United States: To Be Or Not To Be: Is Retention Becoming Obsolete?

Last Updated: February 1 2018

Authored by Zoë Harte, Talent Strategy, Upwork

Employee retention is one of the most important factors contributing to the growth and success of a company. Or is it? For decades retention has been viewed by HR professionals as one of, if not the leading health-indicator of an organization.

As corporate dynamics are shifting in today's rapidly evolving talent landscape, does retention still measure up? The basic retention metrics HR pros were taught to follow may not be directing time and valuable resources to improving company performance and morale. In this new HR calculus, is retention becoming obsolete?

What's Behind the Change in Attitude Around Retention?

This is not your father's job market. Gone are the company lifers from yesteryear who spent their entire careers in a single position within a single company. It's generally accepted that people no longer start jobs expecting to be recognized with a gold Rolex after 4 decades of service.

Staying in one role for years has become less desirable for both employees and employers. Internet-powered advances along with new ways of working and collaborating are encouraging a large percentage of the workforce to seek alternatives to the job-for-life model. In fact, the average American now spends just 15 months in one role.

So, what's changed? A few things:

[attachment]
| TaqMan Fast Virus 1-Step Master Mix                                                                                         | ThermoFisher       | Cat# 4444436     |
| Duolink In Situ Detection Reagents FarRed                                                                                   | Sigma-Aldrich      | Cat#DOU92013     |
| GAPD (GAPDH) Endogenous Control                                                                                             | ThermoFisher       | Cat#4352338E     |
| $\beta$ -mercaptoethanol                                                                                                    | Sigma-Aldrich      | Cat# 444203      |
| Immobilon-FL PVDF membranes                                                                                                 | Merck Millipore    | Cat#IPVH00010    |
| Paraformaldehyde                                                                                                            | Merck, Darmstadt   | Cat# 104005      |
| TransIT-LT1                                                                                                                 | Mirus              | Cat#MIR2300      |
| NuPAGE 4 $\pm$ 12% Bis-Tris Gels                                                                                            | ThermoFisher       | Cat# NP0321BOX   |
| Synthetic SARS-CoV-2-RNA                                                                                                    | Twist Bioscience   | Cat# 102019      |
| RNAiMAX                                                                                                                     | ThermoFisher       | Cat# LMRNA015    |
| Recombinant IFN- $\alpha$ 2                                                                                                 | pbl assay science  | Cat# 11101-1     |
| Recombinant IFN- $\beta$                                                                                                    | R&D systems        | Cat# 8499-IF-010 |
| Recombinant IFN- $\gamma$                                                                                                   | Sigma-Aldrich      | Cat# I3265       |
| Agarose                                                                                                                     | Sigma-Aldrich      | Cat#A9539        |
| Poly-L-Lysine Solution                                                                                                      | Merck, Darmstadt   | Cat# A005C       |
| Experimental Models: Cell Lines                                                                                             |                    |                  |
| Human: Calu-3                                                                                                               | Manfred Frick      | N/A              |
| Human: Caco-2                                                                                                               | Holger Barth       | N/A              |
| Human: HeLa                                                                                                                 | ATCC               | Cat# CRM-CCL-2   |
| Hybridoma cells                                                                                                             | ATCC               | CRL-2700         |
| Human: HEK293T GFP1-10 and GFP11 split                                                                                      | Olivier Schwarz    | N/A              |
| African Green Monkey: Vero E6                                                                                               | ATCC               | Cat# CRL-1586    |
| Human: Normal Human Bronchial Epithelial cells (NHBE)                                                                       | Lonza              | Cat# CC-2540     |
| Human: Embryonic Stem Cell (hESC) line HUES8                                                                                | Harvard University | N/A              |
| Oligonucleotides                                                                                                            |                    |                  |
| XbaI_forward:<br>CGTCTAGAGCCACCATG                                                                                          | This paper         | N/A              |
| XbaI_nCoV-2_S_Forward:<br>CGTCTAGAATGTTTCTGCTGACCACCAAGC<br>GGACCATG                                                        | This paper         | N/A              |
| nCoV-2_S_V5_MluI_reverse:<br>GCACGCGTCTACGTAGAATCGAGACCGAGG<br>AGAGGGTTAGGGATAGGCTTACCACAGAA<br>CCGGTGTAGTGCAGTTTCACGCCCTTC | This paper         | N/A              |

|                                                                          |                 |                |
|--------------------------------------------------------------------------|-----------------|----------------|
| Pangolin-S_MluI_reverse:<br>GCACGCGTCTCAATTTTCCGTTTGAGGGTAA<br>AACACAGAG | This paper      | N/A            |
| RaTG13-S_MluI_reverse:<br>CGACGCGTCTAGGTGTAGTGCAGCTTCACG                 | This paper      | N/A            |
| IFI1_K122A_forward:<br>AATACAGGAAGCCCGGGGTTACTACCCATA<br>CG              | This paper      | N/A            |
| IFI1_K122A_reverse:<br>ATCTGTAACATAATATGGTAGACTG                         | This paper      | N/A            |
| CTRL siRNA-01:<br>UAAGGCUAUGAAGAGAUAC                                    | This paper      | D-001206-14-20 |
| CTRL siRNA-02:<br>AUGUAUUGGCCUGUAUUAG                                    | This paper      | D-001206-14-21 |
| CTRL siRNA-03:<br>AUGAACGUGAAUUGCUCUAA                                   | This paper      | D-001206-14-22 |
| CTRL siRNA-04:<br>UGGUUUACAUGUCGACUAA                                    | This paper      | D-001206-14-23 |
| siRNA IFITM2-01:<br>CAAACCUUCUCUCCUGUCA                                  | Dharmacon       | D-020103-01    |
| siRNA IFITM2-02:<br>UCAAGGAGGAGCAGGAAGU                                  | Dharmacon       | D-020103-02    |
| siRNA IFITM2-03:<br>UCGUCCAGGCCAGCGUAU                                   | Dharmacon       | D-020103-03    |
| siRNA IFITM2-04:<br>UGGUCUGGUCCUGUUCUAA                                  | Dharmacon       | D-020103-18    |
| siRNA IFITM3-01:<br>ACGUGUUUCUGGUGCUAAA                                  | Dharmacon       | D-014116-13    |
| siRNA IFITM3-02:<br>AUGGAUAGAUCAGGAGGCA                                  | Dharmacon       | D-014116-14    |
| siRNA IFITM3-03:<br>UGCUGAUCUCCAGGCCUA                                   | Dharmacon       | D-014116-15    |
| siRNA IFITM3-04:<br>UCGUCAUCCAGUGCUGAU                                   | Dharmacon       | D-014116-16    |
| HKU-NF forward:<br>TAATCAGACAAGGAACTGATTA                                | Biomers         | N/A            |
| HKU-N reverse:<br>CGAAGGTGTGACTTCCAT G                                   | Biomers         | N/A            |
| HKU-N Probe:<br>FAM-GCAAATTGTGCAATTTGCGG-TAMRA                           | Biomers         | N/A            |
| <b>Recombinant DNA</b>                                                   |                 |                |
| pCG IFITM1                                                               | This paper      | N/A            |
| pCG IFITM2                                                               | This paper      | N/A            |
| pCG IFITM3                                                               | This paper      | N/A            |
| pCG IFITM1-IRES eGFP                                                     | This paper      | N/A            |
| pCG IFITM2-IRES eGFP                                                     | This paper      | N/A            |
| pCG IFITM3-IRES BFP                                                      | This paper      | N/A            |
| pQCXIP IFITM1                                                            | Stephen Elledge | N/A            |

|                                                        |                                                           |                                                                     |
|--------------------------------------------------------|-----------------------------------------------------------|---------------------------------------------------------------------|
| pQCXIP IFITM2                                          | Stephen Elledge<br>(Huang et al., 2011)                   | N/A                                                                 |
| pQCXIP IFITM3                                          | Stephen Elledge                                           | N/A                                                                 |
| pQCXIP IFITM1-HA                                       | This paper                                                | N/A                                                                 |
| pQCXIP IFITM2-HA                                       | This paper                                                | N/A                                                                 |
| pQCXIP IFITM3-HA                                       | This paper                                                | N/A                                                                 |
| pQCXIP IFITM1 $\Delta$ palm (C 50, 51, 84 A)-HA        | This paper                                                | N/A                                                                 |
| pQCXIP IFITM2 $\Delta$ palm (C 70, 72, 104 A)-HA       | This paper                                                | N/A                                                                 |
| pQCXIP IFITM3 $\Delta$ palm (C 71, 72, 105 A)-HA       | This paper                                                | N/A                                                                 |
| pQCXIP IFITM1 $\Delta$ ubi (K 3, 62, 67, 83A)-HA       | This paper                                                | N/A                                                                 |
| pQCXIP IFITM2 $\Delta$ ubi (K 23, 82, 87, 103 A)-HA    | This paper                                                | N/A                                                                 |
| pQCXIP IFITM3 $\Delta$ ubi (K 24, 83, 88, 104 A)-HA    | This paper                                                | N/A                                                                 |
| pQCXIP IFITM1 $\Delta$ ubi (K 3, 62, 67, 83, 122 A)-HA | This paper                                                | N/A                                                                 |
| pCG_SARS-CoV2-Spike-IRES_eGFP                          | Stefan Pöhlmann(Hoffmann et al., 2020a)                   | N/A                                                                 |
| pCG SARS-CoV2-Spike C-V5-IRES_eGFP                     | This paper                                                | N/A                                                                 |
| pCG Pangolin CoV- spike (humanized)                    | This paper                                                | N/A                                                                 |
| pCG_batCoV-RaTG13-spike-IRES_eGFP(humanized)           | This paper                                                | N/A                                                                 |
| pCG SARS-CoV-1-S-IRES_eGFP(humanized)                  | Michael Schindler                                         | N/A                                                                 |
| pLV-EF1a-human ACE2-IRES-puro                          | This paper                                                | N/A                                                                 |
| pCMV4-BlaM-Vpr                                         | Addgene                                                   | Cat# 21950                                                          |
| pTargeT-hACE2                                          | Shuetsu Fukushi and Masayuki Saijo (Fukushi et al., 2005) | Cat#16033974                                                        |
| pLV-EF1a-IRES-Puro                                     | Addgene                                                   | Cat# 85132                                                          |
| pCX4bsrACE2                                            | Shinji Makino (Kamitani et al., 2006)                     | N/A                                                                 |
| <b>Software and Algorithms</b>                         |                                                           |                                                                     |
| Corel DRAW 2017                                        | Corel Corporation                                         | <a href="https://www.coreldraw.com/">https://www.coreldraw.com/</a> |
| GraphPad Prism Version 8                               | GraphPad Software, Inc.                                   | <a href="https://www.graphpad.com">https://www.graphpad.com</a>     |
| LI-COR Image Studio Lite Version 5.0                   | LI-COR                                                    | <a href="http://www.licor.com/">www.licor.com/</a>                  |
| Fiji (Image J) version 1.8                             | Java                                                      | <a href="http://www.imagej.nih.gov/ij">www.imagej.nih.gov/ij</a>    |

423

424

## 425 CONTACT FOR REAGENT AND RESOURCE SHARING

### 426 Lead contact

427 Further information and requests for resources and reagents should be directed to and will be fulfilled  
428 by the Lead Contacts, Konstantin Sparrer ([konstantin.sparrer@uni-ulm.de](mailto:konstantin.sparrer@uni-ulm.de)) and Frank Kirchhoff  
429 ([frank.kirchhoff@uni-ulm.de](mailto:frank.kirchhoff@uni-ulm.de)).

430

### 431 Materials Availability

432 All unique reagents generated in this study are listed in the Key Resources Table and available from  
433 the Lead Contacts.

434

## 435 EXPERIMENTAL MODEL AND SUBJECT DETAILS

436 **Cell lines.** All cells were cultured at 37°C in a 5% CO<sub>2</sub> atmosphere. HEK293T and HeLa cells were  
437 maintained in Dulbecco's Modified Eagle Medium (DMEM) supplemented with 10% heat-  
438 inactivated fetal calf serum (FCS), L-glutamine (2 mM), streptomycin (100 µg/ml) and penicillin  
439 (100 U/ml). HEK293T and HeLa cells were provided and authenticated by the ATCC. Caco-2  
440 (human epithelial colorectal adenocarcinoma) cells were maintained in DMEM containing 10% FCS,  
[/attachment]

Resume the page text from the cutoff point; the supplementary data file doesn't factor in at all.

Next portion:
• U.S. unemployment is at a record low: Continued economic growth and talent shortages are pushing unemployment down to record lows. In December, the unemployment rate remained at a 17-year low of 4.1%. In short, it's a candidate market.
  • Freelancing is rising sharply: Freelancing is becoming more ubiquitous than people may realize. 57.3 million workers are freelancing in the U.S. today, outpacing overall U.S. workforce growth by 3X since 2014. Millennials are stoking the flames of the freelance economy driven by the desire for more freedom and flexibility.
  • Workers want flexibility: Flexibility and work/life balance are top factors for Millennials when evaluating job opportunities. Thirty-four percent of Millennials have left a job because it didn't offer work flexibility. But it's not just flexibility, Millennials are putting an end to the 9-to-5 job schedule. As their influence grows, they're forcing companies to think beyond traditional roles and job descriptions.

The traditional full-time-come-into-the-office-daily corporate model simply hasn't kept pace with the changing dynamics and expectations of the current workforce. Workers desire flexibility and growth opportunities supported by learning in diverse environments, the lack of which contributes to high turnover. The most talented professionals have no desire to stay in one role for 3 years, let alone 30.

We're living in an age of job promiscuity, where frequent job changes are not only tolerated, they're encouraged. Rather than focus on retaining workers in their current roles, companies should turn their focus towards helping them grow in new roles within the organization.

So, Is Retention Obsolete?